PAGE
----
Mormor’s dog followed him. The basement was dark, the windows covered with snow, the power still out. He held the candle up. He hadn’t been down there in years, but it seemed to be the same. One of the walls held shelves of Mormor’s preserves: apple butter, rhubarb jam, chokecherries, sweet pickles. Another corner held coal. He went to a corner stacked with crates and boxes and found his grandfather’s wooden cross-country skis. The tips had painted red snowflakes and the skis hadn’t been used for years, he knew this, but he was sure they’d be OK. He sat on the floor, putting the candle carefully next to him, and looked them over. The dog sat down, too, and went back to sleep. The skis were sticky from pine tar, worn down, the three-pin bindings looked fragile. He stood up, rummaged, and found a can of wax, the poles, and his grandfather’s old ski boots. Yes, he thought, what else can I do?
He carried the skis and the poles and the boots up to the kitchen and got ready to leave. He tried the phone again, but it was still dead. He waxed the skis, put a sweater on the dog, a little sweater that Mormor had knitted. It had little red snowflakes, just like the skis. He remembered asking her once, as a boy, what red snowflakes meant. Sometimes, she’d said, a red snowflake is just a red snowflake. Not everything means something, she’d said. In fact, she’d said, most things in life mean hardly anything at all.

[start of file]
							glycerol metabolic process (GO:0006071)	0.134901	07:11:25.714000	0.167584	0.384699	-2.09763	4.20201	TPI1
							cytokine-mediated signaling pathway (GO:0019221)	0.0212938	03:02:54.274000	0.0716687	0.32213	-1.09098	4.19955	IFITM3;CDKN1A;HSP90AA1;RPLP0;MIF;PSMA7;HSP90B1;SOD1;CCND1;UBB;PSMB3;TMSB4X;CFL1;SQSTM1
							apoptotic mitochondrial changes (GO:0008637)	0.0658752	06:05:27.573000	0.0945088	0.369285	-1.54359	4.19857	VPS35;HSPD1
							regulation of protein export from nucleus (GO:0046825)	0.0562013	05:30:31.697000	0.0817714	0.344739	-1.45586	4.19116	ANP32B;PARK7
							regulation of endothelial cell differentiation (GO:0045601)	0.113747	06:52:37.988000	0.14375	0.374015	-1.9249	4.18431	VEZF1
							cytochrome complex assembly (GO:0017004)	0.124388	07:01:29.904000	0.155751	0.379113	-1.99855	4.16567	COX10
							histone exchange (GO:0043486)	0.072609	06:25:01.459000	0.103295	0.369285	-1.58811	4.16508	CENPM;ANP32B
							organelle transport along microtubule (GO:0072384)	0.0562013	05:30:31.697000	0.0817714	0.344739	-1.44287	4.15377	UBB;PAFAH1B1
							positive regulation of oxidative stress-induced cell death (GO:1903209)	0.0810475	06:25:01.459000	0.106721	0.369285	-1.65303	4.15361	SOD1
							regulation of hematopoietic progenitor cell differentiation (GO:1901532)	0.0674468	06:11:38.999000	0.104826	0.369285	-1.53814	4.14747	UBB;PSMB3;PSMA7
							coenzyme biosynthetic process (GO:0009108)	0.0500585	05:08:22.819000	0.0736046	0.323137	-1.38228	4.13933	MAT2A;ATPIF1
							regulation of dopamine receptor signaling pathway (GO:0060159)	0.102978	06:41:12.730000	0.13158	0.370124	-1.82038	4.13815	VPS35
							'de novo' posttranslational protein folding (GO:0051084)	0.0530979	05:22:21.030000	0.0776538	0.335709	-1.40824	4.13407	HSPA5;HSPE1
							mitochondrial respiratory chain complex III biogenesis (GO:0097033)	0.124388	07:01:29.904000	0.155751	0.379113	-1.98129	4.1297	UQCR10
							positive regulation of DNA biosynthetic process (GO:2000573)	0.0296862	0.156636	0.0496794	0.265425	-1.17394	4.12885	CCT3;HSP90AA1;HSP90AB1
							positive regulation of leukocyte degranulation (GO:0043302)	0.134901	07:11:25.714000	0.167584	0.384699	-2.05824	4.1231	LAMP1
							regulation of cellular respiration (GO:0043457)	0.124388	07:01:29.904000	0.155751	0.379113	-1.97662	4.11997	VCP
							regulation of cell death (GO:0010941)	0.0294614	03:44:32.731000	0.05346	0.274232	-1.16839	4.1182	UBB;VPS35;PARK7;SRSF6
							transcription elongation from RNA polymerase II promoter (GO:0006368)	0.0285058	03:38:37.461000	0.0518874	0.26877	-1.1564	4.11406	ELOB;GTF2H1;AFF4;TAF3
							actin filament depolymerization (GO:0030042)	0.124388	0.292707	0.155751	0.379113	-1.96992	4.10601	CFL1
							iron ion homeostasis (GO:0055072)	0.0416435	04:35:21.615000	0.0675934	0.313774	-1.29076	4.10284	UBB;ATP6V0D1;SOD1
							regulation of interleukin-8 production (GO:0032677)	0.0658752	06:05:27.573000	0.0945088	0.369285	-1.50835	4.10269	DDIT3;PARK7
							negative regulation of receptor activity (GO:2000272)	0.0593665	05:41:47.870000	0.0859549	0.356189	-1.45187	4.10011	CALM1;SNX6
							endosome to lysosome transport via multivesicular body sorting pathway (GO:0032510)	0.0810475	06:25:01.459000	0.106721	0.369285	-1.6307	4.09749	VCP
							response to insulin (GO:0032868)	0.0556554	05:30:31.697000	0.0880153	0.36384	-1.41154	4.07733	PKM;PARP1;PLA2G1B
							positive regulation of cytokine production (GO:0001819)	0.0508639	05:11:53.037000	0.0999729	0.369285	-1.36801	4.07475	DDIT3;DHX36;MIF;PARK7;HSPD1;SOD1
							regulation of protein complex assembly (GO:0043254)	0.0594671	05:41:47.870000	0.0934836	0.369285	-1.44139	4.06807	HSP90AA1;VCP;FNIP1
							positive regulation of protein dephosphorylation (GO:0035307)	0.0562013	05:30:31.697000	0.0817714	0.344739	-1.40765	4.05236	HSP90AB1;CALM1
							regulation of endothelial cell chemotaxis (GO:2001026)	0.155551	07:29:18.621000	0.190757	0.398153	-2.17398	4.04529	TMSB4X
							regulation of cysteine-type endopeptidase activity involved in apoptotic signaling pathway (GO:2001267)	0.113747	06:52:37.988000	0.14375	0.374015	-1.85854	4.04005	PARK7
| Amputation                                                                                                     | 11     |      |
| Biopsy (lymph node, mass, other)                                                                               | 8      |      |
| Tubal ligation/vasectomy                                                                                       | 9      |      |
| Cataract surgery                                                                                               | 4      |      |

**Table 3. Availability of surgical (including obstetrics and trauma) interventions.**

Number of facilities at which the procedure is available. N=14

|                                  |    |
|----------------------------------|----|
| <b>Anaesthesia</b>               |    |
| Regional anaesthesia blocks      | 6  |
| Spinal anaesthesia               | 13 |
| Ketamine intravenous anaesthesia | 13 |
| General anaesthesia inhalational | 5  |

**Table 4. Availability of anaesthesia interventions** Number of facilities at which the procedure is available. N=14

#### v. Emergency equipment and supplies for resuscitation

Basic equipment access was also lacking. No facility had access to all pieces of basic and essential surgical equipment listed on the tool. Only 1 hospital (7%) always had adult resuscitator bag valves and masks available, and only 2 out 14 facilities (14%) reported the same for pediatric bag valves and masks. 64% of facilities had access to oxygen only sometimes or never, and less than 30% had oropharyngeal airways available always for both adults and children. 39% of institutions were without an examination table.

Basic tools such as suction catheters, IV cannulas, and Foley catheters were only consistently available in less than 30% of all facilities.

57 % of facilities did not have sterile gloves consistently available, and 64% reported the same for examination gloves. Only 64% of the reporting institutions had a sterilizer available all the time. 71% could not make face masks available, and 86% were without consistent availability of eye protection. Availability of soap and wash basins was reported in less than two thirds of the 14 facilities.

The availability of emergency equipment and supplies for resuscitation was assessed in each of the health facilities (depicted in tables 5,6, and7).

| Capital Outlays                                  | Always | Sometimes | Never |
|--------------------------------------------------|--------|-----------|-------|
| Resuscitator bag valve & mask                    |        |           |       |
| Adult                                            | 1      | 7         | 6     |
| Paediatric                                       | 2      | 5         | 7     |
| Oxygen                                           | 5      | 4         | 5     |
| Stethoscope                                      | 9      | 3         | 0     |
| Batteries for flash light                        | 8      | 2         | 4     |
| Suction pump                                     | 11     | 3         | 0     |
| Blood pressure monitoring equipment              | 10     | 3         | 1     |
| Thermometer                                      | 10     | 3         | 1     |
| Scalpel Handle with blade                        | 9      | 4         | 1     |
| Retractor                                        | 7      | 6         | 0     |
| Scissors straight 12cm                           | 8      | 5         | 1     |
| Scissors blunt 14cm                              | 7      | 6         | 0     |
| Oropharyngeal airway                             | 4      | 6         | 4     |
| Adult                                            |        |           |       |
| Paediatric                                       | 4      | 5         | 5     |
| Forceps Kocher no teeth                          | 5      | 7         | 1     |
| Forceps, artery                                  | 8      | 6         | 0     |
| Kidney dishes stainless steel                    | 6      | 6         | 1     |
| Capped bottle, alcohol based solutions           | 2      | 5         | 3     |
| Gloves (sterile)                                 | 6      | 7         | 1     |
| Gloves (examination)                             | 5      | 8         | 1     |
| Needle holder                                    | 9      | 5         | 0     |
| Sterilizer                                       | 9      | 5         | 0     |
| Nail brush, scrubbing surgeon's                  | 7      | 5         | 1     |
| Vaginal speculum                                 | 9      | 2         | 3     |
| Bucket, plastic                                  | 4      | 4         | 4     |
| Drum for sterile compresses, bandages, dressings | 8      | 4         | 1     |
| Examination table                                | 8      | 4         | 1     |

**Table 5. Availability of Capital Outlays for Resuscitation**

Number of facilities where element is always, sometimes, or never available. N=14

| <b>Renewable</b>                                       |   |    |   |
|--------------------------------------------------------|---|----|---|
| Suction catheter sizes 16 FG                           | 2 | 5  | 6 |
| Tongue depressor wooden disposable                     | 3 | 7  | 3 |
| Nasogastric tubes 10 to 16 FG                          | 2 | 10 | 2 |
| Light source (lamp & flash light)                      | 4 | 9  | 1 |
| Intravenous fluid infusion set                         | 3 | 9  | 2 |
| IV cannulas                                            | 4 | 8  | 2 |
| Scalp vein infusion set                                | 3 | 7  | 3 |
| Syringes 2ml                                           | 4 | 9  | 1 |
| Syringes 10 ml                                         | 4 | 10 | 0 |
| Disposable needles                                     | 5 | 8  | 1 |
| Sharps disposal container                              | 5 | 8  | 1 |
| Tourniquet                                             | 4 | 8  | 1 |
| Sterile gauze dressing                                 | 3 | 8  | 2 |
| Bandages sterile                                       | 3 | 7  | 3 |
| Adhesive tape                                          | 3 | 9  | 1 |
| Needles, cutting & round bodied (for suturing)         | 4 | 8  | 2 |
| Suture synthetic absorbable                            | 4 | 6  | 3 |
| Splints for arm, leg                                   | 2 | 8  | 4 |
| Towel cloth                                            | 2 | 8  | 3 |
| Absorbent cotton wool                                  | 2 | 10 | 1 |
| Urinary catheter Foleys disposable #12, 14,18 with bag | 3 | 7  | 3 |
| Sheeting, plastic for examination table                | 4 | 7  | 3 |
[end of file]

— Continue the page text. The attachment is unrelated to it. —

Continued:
He ate a sandwich and fed the dog. The photo album was still on the table, where he’d left it. In the kitchen drawer he found a pen, and opened the album to the ledgers, and wrote in ballpoint blue: Rose Viola Oliversen, Born September 14, 1875 — Died February 9, 1956. He put on two pairs of pants, and over the blue sweater he added three more he had brought with, and three pairs of socks, his coat, his gloves, his scarf, everything, but when he tried the kitchen door it was blocked by snow. The front door was worse, and finally he settled on crawling through the sitting room window, putting first the skis out, and then the dog, and then he crawled out himself and shut the window. The snow was soft, his feet sunk, and he plowed his way to a clear space of yard between two large drifts. The dog followed behind him, panting. He tried to see his parked car, but it was buried, a mound, just a pile of snow. The sky was very blue. The coldest days, he knew, were sunny ones.
While he sat and put on the skis, the dog peed against the drift, marking the house, and then came and stood next to him. Max picked it up and settled it into his coat, the dog’s warm body against his own. Christ, he told the dog, it’s cold, but what else can we do? He said this in English, which surprised him, and he quickly tried to think of the Norwegian words for skis, snow, dog, red, but the words didn’t come. He wasn’t sure the dog knew English. Isn’t that funny, he thought. So he stood, tested the skis, and when he was sure they’d hold, he set off toward the tall shelterbelts of poplars, the only things that stood out against all that white and marked his trail to the Pedersen farm.